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Understanding Java through Graphs



Chris Seaton discusses Java’s compiler intermediate representation, to understand at a deeper level how Java reasons about a program when optimizing it.


Chris Seaton was a Researcher (Senior Staff Engineer) at Shopify, where he worked on the Ruby programming Language, and a Visitor at the University of Manchester. He was formerly a Research Manager at the Oracle Labs Virtual Machine Research Group, where he led the TruffleRuby implementation of Ruby, and worked on other language and virtual machine projects.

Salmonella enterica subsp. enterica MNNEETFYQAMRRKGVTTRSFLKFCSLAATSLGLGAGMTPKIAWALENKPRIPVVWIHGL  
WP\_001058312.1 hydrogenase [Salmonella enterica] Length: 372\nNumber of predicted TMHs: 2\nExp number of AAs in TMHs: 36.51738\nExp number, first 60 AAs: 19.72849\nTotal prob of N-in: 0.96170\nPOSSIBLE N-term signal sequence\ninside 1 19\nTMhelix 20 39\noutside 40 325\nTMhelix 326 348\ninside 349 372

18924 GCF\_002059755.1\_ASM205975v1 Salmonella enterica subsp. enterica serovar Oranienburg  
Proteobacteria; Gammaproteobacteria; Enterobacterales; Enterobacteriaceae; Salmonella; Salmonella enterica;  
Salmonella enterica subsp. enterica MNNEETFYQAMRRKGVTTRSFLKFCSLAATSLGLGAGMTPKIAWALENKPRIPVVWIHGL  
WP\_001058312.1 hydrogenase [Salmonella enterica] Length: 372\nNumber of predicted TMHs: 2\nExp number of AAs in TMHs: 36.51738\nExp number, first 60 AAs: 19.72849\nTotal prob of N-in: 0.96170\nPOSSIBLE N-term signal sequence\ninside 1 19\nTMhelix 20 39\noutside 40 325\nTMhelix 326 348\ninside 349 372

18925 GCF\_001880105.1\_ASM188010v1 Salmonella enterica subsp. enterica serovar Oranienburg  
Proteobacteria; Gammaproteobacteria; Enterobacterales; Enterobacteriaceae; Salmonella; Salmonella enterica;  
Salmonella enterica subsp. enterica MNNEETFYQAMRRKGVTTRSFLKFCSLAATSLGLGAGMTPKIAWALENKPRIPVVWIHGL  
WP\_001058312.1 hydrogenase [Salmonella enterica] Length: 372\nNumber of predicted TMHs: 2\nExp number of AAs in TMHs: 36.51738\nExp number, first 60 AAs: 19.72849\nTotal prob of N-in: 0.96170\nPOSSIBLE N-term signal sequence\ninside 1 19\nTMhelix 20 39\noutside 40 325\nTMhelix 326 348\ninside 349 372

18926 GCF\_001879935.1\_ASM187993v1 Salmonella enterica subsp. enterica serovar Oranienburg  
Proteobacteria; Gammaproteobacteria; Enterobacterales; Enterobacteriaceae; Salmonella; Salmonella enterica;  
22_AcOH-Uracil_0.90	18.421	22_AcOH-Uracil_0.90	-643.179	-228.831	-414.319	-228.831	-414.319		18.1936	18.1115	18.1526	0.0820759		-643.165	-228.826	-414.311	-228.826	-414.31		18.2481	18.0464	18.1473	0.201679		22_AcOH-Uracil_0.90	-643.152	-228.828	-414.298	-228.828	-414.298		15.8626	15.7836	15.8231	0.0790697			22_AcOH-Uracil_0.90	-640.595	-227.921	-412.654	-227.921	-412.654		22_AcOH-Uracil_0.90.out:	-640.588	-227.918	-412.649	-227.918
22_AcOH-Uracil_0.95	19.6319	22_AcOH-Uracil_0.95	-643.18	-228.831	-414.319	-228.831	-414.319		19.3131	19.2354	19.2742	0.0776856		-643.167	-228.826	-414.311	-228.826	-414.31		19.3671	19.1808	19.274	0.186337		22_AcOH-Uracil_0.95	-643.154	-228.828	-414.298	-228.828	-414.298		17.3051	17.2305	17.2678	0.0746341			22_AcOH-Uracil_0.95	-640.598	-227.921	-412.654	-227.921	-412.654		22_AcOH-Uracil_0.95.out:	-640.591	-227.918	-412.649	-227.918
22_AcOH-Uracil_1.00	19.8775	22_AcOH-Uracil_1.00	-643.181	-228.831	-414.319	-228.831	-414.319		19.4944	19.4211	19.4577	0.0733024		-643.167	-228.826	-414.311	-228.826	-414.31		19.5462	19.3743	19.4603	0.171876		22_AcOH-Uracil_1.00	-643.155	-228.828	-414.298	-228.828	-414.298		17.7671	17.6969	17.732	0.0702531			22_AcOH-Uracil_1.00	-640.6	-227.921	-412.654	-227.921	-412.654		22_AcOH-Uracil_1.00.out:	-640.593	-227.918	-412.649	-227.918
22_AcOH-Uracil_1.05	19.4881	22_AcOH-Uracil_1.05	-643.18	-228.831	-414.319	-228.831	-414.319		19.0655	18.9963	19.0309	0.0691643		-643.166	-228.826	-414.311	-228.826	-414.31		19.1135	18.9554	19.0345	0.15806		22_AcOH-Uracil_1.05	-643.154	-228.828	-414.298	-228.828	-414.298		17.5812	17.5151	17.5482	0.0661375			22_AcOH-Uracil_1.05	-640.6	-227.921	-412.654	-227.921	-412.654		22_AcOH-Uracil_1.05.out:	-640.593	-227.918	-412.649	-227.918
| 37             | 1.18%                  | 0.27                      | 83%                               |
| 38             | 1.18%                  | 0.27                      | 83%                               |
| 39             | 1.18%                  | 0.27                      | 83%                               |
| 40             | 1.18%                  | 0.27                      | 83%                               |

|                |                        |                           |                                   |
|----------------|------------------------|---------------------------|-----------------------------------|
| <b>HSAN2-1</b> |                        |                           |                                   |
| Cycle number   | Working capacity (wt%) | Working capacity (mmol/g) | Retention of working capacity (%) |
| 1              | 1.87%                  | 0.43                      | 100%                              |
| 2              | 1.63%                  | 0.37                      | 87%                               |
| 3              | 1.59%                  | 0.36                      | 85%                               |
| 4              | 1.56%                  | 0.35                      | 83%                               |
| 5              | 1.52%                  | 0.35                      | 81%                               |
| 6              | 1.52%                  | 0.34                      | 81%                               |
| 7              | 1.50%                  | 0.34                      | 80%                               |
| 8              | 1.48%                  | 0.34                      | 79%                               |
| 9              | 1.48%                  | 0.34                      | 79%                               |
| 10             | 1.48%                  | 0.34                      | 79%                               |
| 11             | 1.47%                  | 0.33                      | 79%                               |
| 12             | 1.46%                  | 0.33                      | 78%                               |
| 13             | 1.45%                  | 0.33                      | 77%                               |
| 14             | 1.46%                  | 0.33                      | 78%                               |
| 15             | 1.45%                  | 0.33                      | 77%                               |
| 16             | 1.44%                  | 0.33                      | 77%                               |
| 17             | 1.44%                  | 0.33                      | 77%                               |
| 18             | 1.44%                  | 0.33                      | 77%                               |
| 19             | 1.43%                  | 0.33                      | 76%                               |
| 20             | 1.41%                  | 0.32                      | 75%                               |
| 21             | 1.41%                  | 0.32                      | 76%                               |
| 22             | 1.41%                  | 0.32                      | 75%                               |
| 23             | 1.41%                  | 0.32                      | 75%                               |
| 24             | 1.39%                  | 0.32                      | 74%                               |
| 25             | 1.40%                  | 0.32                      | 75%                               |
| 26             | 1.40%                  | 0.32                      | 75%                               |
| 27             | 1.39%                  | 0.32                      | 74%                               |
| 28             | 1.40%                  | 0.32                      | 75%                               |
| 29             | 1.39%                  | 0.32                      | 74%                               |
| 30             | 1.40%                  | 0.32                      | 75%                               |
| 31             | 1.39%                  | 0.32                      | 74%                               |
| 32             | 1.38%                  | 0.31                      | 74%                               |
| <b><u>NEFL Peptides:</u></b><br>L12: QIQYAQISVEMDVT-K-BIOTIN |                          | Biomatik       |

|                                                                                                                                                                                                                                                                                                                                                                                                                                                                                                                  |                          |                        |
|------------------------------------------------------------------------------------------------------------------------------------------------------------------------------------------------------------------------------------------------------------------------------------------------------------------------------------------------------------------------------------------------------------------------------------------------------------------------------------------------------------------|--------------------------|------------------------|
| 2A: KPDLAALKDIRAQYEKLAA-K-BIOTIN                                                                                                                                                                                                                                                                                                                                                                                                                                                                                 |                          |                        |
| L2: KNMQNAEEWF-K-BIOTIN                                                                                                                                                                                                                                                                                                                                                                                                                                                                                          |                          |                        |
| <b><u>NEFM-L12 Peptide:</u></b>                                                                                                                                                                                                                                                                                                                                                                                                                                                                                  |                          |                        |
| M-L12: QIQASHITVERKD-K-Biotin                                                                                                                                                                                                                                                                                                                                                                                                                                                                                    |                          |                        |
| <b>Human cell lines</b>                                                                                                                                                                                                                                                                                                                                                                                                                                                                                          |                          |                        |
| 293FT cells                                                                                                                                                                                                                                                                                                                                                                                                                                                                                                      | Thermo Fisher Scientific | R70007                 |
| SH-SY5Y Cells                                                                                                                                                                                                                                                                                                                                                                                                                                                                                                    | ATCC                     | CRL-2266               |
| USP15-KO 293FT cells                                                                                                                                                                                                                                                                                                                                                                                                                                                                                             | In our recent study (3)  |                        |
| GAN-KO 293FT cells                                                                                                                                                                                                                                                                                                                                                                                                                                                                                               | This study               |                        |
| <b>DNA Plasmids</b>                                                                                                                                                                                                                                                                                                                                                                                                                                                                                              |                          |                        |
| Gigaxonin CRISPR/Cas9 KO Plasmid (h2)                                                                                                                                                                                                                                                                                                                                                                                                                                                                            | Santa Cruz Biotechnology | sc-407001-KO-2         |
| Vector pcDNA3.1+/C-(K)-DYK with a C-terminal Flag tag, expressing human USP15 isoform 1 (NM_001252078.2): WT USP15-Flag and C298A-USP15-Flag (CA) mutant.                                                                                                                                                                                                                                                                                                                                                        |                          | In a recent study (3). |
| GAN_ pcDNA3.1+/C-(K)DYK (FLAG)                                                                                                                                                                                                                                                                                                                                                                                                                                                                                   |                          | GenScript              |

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Seaton: My name is Chris Seaton. I'm a Senior Staff Engineer at Shopify. I'm going to talk about understanding Java programs using graphs. Here's where I'm coming from with this talk. I've got a PhD in programming languages, but I've got a personal interest in languages beyond that. One of the great things about working in programming languages is that you can have a conversation with almost anybody in the tech community. Almost anyone who uses programming languages has opinions on languages, has things they wish were better in languages, things they wish were faster in programming languages. A great thing about working in languages is you can always have a conversation with people and you can always understand what they want out of their languages. You can think about how you can provide that as someone who works on the implementation of languages, which I think is a really great thing about working in this field. I'm formerly from the Oracle Labs VM research group, part of the Graal team. Graal is a new just-in-time compiler for Java that aims to be really high performance and give many more options for how we optimize in compiler applications. I worked there for many years, but I've currently moved to Shopify to do compiler research on the Ruby programming language. I work on Ruby, but I work within a Java context, because I'm using Java to implement Ruby. That's the TruffleRuby project. TruffleRuby is a Ruby interpreter working on the JVM, not to be confused with JRuby, which is another existing implementation of Ruby on the JVM. What I'm trying to do is apply Java compilation technology to make Ruby faster, to make Ruby developers happier. We use the same technology in Java, applying it to Ruby.